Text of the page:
THE National Vietnam Veterans Museum’s exciting plans to construct a new purpose-built facility have been unveiled.

As the museum continues to outgrow its current site on Phillip Island, they are looking to construct a new $50m facility at 24 Churchill Road, Newhaven.

This includes:

• Increasing the current floor space from 3700m2 to 5500m2, including flexible exhibition spaces.

• Providing contemporary presentations for visitors, including multimedia experiences.

• Improved air handling, security and fire detection systems.

• Upgraded visitor and community facilities.

• Increasing the museum’s visual profile.

The museum stated the new development is needed as they’re at a critical point in their history.

This includes extreme risk to its collection, with 100 per cent of it at high risk of total loss by fire, and sensitive materials facing significant degradation due to poor storage or display conditions.

Meanwhile, the museum says it is failing to meet the service and experience expectations of contemporary visitors.

The construction of the project will be funded by revenue raised through private donations and potential government funding.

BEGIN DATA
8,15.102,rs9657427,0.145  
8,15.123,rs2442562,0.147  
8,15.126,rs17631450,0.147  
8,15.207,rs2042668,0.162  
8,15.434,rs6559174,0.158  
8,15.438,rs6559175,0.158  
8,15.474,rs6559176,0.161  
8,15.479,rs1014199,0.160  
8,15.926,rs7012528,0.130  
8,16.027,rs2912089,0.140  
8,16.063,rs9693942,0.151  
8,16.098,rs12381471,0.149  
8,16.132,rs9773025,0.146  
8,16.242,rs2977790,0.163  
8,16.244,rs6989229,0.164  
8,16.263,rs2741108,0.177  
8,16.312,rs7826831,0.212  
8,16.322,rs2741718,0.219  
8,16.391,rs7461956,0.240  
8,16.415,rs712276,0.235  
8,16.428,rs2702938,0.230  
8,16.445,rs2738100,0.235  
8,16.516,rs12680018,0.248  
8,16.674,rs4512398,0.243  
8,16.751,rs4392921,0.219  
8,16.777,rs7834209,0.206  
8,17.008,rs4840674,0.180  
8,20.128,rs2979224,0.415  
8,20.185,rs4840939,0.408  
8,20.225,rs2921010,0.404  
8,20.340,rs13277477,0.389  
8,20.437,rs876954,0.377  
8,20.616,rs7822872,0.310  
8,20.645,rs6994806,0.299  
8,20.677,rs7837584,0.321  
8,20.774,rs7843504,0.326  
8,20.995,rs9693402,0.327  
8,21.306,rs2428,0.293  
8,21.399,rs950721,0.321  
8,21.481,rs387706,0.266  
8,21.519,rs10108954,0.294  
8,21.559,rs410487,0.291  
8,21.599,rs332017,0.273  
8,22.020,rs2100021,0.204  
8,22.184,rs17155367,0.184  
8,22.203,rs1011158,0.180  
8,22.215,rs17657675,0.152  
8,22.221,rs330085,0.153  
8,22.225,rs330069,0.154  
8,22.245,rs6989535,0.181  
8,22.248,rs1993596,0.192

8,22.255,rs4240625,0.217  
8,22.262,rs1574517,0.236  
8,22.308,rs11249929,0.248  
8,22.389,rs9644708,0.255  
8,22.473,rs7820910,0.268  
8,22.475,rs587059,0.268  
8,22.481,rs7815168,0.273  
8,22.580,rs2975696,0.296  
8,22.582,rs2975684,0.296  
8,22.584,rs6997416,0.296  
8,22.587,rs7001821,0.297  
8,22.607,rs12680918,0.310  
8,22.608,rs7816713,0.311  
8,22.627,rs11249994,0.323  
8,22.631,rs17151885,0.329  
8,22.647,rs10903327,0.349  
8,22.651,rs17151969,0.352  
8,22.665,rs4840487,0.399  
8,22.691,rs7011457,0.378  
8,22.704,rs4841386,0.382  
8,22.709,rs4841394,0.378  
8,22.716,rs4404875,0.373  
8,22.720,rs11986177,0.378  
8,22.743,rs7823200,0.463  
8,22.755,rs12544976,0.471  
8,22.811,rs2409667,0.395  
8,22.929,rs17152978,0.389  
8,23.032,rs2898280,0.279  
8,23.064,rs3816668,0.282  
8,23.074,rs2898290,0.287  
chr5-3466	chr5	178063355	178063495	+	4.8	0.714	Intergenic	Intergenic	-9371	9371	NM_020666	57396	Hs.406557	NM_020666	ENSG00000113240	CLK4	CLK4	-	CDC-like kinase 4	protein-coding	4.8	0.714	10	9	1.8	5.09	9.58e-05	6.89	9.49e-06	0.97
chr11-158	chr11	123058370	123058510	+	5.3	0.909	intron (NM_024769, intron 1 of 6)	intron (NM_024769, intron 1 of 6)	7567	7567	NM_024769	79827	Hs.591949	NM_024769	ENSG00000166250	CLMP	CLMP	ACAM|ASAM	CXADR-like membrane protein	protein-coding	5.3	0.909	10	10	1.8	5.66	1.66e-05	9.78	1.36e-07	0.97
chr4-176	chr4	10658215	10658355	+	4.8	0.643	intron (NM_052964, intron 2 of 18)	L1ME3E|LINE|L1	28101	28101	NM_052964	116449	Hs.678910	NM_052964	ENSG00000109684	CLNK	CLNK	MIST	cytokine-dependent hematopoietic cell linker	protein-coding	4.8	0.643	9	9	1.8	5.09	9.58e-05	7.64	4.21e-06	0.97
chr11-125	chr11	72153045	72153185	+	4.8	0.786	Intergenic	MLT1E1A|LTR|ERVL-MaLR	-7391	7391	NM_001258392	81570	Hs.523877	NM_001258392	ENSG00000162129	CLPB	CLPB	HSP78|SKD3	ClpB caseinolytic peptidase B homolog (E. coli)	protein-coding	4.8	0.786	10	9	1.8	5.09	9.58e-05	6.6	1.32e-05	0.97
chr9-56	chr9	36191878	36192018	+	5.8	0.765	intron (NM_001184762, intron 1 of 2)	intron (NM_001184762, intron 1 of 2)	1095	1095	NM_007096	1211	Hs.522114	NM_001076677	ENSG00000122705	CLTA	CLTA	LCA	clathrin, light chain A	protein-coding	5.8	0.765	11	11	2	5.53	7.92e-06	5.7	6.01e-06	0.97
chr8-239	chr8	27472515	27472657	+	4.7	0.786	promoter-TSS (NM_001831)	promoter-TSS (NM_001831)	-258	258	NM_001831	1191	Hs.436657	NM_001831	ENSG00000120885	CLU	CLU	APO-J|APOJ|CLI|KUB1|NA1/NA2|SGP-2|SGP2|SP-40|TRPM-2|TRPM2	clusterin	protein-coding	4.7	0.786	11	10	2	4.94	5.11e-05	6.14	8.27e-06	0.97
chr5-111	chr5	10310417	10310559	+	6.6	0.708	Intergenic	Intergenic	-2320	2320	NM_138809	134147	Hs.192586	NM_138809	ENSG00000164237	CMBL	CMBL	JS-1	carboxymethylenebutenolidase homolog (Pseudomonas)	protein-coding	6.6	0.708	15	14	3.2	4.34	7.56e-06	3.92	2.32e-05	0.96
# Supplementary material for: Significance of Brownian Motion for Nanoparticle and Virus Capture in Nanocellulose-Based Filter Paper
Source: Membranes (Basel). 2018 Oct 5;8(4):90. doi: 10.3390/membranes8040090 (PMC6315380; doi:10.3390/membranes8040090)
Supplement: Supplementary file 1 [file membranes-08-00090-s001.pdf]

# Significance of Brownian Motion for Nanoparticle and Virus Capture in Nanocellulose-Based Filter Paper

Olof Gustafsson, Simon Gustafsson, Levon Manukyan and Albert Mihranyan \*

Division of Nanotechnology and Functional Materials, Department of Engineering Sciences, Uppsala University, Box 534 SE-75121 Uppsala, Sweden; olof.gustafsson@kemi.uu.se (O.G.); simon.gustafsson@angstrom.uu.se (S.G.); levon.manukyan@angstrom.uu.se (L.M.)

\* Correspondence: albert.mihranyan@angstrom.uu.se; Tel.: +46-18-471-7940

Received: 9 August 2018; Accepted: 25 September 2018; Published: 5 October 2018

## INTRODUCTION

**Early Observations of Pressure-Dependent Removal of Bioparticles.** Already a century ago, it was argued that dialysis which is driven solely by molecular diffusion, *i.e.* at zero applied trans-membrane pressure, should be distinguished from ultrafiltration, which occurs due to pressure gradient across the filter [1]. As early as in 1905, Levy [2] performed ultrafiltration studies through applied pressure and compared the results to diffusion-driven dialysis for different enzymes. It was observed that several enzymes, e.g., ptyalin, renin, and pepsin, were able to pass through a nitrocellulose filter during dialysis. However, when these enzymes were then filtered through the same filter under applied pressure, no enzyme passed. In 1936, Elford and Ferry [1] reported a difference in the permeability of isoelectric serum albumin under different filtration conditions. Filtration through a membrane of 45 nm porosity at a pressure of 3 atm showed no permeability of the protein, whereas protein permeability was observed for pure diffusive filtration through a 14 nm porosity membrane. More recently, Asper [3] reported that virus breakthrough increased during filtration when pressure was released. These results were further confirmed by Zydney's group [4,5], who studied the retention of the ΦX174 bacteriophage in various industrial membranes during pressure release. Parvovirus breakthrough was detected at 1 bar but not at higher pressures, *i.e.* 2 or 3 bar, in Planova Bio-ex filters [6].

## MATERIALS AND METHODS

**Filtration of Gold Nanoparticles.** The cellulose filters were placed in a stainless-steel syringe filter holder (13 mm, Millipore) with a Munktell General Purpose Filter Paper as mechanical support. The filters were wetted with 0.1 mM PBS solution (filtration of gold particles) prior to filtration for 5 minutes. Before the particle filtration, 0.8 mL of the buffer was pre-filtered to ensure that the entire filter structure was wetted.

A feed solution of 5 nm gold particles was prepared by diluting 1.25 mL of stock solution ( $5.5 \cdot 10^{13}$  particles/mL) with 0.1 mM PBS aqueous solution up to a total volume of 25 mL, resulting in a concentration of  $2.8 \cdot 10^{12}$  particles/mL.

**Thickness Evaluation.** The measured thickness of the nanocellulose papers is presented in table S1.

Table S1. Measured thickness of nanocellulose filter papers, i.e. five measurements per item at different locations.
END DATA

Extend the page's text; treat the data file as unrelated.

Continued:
According to the planning application lodged with Bass Coast Shire, the main site access can come from the newly constructed roundabout at the Phillip Island Road and Woolamai Beach Road intersection.

The new site currently consists of three paddocks, previously used for farming.

There are existing dams featured on the site, natural scrub and planting, and a sensitive habitat zone located to the north.

The new museum would see a multi-faceted visitor experience, including multipurpose rooms to hold functions, while helping grow the museum’s school education programs and cater to events.

An on-site cafe/bar/restaurant would also be built.

To view the planning application, visit bit.ly/3FRLbZI.

The museum held a public information briefing earlier this month and will hold another at 7pm on October 22.

If you wish to attend, RSVP to phildressing@vietnamvetsmuseum.org or 0423 058 510.